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Discussion 1 to Meditation 849
Will Durant on Christ

by: Troy Anderson

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I feel that many things in Bennett's Open Letter are true and I appreciate and accept truth anywhere I find it. I also feels the historian Will Durant tries to take a non bias stand on Christanity. Consequently I feel that the following extract from Mr. Durant's book, Caesar and Christ (The Story of Civilization III), should be considered.

Caesar and Christ by Will Durant. P.557

In summary, it is clear that there are many contradictions between one gospel and another, many dubious statements of history, many suspicious resemblances to the legends told of pagan gods, many incidents apparently designed to prove the fulfillment of Old Testaments prophecies, many passages possibly aimed to establish a historical basis for some later doctrines or ritual of the church. The evangelists shared with Cicero, Sallust, and Tacitus the conception of history as a vehicle for moral ideas. And presumably the conversations and speeches reported in the Gospels were subject to the frailties of illiterate memories, and the errors of emendations of copyists.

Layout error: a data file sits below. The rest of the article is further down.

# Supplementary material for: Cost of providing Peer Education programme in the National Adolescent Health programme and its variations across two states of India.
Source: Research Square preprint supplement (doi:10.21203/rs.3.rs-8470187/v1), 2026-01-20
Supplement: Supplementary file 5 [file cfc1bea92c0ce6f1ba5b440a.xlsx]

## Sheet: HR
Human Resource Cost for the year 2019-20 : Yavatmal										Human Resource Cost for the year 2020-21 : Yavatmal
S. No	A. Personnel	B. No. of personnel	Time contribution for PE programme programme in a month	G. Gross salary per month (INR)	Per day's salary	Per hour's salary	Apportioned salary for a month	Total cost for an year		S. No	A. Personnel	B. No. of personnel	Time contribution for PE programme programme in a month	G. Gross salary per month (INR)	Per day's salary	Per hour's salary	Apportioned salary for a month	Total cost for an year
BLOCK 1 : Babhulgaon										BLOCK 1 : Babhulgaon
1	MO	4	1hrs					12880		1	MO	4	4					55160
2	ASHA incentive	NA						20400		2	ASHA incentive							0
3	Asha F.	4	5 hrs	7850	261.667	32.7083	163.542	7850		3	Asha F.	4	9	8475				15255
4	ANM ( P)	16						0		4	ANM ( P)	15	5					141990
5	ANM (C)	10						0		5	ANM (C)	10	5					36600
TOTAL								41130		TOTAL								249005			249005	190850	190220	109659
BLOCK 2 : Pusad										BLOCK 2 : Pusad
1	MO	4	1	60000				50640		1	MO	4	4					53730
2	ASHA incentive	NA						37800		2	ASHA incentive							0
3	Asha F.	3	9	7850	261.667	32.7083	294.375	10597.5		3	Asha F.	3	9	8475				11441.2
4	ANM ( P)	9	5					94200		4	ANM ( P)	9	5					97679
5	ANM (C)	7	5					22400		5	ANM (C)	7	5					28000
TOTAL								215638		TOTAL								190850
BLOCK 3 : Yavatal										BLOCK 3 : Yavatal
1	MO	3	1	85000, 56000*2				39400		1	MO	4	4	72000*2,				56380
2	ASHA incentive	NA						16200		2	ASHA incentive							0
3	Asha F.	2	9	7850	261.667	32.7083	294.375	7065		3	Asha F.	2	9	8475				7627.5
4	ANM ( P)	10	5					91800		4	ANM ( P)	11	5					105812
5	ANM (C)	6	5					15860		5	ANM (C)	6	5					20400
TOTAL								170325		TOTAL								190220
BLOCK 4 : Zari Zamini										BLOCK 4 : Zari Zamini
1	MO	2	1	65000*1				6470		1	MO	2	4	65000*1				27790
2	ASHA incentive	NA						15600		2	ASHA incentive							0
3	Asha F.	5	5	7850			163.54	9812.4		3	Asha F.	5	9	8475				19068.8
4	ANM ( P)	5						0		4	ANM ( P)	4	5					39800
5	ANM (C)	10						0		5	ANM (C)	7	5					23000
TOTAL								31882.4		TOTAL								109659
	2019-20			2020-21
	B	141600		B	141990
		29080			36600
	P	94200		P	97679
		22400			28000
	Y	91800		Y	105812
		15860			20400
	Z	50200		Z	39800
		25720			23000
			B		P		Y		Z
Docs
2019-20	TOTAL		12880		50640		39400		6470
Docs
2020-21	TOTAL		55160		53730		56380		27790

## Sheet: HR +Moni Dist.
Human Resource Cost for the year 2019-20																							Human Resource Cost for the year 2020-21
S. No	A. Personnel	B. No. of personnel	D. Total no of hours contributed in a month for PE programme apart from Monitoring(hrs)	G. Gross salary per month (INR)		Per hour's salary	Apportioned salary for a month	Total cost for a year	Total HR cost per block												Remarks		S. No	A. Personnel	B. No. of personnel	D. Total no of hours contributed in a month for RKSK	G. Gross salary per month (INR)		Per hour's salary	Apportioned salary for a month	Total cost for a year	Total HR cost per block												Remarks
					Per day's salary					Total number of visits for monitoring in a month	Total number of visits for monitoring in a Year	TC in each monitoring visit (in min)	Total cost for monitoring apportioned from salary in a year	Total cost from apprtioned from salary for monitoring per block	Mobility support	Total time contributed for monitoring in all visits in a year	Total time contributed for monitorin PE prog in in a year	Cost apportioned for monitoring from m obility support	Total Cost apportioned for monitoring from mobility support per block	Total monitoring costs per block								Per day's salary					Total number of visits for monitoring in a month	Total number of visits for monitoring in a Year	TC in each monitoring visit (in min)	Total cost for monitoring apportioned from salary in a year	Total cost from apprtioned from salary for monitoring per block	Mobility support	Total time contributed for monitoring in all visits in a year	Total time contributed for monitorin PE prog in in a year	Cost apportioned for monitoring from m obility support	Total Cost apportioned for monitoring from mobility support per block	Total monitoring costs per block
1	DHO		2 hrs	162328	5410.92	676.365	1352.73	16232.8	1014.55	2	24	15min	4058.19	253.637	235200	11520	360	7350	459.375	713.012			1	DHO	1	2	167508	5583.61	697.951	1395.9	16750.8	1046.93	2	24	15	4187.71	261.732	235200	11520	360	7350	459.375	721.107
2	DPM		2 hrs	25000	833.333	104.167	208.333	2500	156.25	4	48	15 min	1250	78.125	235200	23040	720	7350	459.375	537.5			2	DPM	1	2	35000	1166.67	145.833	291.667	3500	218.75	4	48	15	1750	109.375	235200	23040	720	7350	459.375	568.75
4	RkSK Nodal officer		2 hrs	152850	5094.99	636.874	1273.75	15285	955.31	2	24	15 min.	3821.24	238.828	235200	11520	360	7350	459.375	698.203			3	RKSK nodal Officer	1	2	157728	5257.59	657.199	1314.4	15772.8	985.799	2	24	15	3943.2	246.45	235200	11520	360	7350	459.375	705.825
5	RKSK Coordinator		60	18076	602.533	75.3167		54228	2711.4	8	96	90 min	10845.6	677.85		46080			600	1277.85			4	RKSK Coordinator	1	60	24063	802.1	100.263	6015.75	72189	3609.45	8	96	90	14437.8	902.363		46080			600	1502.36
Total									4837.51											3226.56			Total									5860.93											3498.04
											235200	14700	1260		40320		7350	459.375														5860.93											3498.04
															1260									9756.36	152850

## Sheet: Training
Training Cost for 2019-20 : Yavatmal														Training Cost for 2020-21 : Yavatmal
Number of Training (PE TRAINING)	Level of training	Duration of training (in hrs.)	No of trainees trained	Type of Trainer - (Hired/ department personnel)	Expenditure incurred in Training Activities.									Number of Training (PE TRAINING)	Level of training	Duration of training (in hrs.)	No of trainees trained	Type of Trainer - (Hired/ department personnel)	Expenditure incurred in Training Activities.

All this granted, much remains. The contractions are minutiae, not substance; in essential the synoptic gospels agree remarkable well, and form a consistent portrait of Christ. In the enthusiasm of its discoveries the Higher Criticism has applied to the New Testament tests of authenticity so severe that by them a hundred ancient worthies-e.g., Hammurabi, David. Socrates-would fade into legend. Despite the prejudices and theological preconceptions of the evangelist, they recorded many incidents that mere inventors would have concealed- the competition of the apostles for high places in the Kingdom, their flight after Jesus’ arrest, Peter’s denial, the failure of Christ to work miracles in Galilee, the reference of some auditors to his possible insanity, his early uncertainty as to his mission, his confession of ignorance as to the future, his moments of bitterness, his despairing cry on the cross; no one reading these scenes can doubt the reality of the figure behind them. That a few simple men should in one generation have invented so powerful and appealing a personality, so lofty an ethic and so inspiring a vision of human brotherhood would be a miracle far more incredible than any recorded in the Gospels. After two centuries of Higher Criticism the outline of the life, character, and teaching of Christ remain reasonable clear, and constitute the most fascinating feature in the history of Western man.